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Archive for July, 2011

The Lord really blessed my time at GIBC this past weekend. I was able to challenged the youth about missions and dedication on Saturday. Around 20 of them crammed in a small room with Pastor Ping and me. I had a little more time than I anticipated (1.5 hours), so I began with questions to get to know them. I quickly moved to my challenge, thinking I would have time at the end for Q/A. But I ended up taking the whole rest of the time! I felt bad when I found out later that the youth were actually encouraged to think of 3 questions to ask me. I wish I would have left some time!

Sunday school went very well. The people seemed to listen well and learned much as I presented my DVD and talked about some translation complications.

The Worship Service was a great blessing. It clearly showed evidences of Ping’s time at Mt. Calvary. What a blessing the music was! I’m thankful for the Lord’s help as I preached.

In the afternoon we had a great time of fellowship over lunch in the church courtyard. I had no dull moments, since many came up to me and asked about my ministry. Many showed a genuine interest in volunteering for BI projects.

The PM service also went very well. Praise the Lord!

Now I’m in the Philippines! Translator training starts tomorrow. I’ll be introducing things, giving a short devotional, and talking about our translation philosophy. Please pray for God’s grace as I prepare.

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I received great news just before I went to bed last night–my house loan was formally approved! After about two months of trying to secure one, I finally have it! The loan guy has to work out some other details, but my closing is finally on the horizon. What a burden lifted! It looks like things will still work out for me to move into my new place as soon as I return to the USA.

I’ve had a very productive week again this week. Most of my attention has shifted to preparations for next week. Life is going to get quite busy after I land in the Philippines on Monday. The translator training will begin on Tuesday morning. I’ll begin with devotions, an introductory session, and then a session on BI’s translation philosophy. I’ll also be helping with some of the translator training during the rest of the week, sharing a devotional on Wed, speaking in BJMBI’s missions class for an hour on Thur pm, and preaching in their chapel on Fri pm. I look forward to seeing the Philippines for the first time and reconnecting with my Philippines missionary friends. A month ago my mom and I were looking at old photos, and we noticed one of my grandfather in the Philippines during World War II. My grandfather and the American forces liberated the Philippines from the Japanese. During the next two weeks (and beyond), I’ll get to have a part in helping liberate the Filipinos from  sin and darkness!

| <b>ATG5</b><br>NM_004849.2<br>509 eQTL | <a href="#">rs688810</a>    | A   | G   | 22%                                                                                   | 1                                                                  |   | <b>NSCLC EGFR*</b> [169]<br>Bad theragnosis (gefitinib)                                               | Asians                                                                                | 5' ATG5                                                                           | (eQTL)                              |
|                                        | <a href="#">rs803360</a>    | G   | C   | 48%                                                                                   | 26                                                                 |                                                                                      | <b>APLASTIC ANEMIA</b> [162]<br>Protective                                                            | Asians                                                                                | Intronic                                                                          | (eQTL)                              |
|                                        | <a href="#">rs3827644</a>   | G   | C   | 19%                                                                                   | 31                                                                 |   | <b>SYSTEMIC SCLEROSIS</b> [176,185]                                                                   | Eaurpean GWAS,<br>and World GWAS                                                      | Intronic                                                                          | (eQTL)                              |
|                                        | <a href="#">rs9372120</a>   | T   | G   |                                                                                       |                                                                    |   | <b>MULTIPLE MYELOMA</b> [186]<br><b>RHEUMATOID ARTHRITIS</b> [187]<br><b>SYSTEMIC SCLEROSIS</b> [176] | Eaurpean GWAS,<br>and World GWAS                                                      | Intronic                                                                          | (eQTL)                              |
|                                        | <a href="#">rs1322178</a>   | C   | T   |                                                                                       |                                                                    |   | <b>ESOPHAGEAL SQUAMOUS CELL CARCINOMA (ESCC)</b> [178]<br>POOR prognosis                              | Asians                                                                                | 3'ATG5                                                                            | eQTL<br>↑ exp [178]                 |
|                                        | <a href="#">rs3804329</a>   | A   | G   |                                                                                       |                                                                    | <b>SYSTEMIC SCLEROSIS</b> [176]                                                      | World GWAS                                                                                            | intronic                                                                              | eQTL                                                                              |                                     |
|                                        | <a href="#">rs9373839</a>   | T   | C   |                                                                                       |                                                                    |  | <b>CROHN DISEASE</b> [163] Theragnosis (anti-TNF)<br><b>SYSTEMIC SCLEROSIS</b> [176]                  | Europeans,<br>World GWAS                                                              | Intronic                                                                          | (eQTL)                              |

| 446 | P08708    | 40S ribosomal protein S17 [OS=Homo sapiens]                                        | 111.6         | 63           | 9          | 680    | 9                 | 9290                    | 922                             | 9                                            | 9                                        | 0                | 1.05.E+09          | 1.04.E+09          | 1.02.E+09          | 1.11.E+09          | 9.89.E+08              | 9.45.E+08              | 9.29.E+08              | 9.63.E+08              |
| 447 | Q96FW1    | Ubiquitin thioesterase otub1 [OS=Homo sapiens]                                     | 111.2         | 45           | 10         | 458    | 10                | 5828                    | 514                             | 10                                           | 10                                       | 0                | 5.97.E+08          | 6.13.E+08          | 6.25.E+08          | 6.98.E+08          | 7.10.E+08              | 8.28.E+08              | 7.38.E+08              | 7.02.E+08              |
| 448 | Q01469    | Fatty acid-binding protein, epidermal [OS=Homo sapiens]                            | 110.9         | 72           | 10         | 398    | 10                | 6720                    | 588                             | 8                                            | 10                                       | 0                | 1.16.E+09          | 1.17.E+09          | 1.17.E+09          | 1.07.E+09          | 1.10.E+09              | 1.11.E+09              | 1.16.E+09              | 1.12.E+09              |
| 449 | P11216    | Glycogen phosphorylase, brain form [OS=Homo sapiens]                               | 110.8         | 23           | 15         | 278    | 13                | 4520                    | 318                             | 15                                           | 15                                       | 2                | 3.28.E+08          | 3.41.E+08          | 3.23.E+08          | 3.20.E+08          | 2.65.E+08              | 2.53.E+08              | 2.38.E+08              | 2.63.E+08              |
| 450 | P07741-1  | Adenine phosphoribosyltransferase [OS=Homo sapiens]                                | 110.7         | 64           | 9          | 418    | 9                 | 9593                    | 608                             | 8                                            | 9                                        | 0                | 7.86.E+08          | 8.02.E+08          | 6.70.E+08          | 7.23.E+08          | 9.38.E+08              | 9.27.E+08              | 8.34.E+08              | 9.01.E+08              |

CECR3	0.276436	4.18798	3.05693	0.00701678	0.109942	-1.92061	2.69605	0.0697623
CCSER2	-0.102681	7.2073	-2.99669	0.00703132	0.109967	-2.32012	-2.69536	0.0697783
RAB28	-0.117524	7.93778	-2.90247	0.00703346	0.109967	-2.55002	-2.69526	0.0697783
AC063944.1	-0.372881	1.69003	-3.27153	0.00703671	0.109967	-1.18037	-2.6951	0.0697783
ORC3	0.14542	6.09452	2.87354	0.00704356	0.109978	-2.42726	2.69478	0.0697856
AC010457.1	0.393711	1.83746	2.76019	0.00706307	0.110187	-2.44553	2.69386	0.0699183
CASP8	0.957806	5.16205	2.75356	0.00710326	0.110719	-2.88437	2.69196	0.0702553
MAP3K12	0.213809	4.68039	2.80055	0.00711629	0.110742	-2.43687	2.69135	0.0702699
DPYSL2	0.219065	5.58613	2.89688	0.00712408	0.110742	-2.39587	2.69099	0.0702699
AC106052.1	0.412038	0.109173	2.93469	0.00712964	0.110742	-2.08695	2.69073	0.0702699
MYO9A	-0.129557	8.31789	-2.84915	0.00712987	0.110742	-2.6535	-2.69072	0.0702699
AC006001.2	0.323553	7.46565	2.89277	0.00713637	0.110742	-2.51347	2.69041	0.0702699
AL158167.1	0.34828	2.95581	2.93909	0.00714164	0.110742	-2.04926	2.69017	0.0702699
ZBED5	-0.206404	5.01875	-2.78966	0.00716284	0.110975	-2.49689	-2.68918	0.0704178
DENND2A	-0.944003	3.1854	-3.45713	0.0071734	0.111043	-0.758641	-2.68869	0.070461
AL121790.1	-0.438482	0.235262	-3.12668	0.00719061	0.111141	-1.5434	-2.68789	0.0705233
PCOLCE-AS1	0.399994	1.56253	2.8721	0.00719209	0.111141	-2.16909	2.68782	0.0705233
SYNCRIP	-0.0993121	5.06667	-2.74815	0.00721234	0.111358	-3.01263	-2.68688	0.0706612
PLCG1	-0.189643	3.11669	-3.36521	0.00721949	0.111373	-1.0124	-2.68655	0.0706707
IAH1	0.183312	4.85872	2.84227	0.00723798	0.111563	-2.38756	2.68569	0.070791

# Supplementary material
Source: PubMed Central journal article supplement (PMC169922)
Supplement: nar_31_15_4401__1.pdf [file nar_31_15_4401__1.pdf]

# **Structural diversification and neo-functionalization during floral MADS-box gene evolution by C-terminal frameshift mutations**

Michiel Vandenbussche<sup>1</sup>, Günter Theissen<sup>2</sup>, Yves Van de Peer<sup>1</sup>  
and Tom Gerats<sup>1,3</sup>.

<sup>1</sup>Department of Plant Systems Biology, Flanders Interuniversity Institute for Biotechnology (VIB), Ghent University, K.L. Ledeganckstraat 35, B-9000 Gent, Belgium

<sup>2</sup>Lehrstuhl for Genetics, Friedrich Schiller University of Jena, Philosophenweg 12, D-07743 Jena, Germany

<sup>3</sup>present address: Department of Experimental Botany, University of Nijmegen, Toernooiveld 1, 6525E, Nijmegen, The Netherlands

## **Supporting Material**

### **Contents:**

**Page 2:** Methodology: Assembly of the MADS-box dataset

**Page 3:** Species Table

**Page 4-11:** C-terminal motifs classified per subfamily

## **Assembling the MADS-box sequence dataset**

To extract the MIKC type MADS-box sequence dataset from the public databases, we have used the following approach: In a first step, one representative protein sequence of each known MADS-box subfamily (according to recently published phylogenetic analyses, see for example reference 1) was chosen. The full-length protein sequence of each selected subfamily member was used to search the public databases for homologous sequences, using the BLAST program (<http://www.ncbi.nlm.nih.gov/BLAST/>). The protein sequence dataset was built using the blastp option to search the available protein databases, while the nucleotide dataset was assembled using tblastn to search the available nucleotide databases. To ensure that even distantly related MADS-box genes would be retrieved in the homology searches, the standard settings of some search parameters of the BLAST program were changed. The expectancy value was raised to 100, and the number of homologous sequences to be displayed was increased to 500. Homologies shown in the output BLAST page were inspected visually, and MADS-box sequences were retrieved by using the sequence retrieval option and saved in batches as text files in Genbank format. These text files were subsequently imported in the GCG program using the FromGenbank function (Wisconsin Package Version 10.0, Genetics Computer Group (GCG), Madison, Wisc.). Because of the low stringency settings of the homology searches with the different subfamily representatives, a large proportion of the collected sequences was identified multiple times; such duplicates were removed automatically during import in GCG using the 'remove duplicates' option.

Please pray also for my ministry at Grace Independence Baptist Church this weekend. I actually got to minister in this church last night at their prayer meeting. Pastor Ping and I weren’t really clear in our communications, so I wasn’t aware that I was supposed to share a devotional until I got up to speak! But the Lord helped me to recall a sermon that I preached over 80x on deputation. On Sat afternoon I’ll be challenging the youth about missions. Then on Sun I’ll be speaking in SS, the AM worship service, and the PM service.

And Fri I go golfing at Sentosa Golf Club, one of the top 5 championship courses in Asia! It’s gonna eat me alive!

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The Lord blessed my third weekend in Singapore. I attended my first Singaporean wedding, which was held at Pasir Panjang Christ Church (the first church on my Singapore schedule). The ceremony was similar to an American wedding, though with a few differences. Instead of the main pastor leading the ceremony, there was an “MC” (and a Mandarin interpreter). The whole bridal party, including the bride and groom, sat down during the sermon. In this wedding, there was an overabundance of photographers (3 still photographers and 1 video) such that it was hard to see the bride and groom at times. The Singaporeans also commented on how unusual that was and how they didn’t appreciate it. But overall, the wedding was quite enjoyable and really exalted the Lord.